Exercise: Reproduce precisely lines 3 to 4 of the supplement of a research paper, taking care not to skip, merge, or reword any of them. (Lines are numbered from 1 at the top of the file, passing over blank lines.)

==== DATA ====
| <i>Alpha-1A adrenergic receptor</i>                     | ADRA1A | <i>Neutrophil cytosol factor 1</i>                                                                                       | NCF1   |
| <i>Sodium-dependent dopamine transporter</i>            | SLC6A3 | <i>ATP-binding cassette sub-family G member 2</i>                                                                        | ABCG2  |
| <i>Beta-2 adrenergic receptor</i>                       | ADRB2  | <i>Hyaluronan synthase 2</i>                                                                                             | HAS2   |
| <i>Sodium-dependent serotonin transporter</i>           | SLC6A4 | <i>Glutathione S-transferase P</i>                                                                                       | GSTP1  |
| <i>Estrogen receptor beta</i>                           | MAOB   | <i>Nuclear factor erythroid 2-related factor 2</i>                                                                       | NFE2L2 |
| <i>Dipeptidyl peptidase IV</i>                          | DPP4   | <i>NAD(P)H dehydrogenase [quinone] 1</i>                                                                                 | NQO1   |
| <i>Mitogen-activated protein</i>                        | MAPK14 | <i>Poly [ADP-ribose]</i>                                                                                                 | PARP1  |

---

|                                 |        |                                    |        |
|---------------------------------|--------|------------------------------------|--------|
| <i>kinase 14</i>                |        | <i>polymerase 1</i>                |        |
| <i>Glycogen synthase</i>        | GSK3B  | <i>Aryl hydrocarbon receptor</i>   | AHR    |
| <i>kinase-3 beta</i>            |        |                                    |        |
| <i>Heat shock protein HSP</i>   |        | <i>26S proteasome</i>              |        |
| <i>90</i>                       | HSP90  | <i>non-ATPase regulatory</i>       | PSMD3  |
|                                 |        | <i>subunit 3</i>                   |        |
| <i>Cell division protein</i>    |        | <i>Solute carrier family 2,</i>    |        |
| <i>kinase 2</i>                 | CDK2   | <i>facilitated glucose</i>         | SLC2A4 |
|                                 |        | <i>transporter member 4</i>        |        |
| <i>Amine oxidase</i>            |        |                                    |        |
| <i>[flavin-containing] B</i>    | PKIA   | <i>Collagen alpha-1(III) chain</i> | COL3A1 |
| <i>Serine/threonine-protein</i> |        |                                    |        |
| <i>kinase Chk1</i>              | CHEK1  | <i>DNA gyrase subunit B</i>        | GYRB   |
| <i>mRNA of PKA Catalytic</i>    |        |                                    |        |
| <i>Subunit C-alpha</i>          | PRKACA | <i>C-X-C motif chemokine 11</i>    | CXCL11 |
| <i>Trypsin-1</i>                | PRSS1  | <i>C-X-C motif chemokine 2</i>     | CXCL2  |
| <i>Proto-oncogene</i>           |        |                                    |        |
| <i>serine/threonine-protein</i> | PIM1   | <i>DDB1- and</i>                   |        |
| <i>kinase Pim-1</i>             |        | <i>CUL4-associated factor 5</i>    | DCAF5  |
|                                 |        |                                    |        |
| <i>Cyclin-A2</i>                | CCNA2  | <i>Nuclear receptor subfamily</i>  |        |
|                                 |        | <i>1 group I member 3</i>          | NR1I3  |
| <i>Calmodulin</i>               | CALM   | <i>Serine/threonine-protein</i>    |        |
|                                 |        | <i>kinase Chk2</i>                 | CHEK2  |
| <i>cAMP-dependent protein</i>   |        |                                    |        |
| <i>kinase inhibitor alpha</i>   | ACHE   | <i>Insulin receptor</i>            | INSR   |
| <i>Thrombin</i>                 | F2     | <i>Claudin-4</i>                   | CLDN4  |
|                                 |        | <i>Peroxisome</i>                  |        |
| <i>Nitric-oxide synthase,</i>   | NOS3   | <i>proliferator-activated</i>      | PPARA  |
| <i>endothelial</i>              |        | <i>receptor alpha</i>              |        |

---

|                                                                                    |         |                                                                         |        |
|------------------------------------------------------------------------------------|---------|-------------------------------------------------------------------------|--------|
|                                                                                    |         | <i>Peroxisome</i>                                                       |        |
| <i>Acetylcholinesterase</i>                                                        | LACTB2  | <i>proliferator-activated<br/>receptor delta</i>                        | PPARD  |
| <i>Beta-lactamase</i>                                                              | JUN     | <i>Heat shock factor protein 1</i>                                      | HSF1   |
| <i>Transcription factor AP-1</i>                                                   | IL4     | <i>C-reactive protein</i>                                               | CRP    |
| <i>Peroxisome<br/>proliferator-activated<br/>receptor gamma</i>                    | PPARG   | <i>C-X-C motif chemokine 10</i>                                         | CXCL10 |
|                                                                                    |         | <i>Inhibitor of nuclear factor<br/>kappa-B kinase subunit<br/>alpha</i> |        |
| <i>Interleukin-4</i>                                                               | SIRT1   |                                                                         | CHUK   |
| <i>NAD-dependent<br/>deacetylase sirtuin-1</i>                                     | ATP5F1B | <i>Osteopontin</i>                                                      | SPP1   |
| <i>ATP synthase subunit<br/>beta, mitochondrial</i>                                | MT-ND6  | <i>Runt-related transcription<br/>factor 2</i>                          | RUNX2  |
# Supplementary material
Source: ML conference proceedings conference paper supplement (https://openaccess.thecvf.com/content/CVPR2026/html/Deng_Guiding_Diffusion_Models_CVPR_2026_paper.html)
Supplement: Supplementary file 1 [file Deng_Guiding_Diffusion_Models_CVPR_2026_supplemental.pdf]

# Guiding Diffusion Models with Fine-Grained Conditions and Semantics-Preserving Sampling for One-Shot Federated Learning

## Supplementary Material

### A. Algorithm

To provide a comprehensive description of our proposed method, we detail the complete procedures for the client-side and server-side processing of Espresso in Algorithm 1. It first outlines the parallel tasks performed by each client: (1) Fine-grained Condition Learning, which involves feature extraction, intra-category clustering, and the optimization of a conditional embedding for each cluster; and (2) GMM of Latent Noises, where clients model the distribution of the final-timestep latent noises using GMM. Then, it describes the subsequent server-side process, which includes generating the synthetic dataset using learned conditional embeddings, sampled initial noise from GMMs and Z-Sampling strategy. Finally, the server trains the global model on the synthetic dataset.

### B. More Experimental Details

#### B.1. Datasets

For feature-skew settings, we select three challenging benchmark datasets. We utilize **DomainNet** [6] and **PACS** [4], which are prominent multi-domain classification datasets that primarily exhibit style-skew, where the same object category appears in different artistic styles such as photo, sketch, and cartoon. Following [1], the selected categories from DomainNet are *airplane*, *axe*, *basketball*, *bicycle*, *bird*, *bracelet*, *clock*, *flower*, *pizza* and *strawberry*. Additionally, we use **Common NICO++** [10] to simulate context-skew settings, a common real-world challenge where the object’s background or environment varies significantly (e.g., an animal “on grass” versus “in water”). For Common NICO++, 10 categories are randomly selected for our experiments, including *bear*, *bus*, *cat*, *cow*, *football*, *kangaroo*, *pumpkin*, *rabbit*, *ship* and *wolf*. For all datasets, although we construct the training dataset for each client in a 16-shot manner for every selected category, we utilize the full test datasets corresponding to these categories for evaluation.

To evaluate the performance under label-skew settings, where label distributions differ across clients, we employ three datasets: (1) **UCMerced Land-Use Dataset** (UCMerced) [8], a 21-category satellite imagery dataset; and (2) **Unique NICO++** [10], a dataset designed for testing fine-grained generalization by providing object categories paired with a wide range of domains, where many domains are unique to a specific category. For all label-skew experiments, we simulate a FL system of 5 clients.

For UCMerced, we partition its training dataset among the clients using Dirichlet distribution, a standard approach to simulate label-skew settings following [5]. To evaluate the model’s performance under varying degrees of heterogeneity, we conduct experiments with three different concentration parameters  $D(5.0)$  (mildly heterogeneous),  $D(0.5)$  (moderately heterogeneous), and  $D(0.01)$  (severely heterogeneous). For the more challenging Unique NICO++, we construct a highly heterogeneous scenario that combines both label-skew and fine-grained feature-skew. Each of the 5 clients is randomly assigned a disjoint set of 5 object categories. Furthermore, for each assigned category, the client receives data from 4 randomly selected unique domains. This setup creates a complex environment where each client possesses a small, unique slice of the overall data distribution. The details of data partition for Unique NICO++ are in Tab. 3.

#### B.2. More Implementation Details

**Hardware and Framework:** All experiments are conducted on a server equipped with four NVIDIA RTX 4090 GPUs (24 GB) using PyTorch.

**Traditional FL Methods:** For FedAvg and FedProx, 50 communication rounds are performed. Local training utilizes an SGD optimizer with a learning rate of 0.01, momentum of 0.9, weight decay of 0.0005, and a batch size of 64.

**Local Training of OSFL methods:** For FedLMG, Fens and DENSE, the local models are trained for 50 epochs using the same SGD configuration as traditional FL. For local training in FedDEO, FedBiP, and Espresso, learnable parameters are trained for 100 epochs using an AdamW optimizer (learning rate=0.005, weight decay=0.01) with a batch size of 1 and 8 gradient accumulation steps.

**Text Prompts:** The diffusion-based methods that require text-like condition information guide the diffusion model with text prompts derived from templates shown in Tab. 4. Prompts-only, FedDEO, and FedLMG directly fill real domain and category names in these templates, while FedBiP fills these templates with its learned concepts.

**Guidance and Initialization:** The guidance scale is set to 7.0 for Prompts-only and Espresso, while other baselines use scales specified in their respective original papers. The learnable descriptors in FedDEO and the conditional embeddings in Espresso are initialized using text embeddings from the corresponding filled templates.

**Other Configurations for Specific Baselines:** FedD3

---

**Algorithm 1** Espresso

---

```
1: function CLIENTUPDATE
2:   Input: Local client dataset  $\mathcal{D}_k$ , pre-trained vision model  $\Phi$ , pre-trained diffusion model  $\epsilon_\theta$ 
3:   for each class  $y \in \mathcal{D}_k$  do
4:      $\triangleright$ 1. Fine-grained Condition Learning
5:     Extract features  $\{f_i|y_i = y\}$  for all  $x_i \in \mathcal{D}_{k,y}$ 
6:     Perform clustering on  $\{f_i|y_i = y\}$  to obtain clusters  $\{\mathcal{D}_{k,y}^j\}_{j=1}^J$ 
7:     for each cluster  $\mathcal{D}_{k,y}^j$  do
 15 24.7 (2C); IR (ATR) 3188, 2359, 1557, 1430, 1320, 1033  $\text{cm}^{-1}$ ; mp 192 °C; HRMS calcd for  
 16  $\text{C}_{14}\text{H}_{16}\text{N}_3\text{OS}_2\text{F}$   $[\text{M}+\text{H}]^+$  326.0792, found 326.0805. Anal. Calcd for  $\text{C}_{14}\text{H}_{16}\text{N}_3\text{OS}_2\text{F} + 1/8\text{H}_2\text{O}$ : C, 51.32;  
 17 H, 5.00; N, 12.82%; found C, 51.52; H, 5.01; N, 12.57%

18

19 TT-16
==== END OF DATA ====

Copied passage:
| <i>Beta-2 adrenergic receptor</i>                       | ADRB2  | <i>Hyaluronan synthase 2</i>                                                                                             | HAS2   |
| <i>Sodium-dependent serotonin transporter</i>           | SLC6A4 | <i>Glutathione S-transferase P</i>                                                                                       | GSTP1  |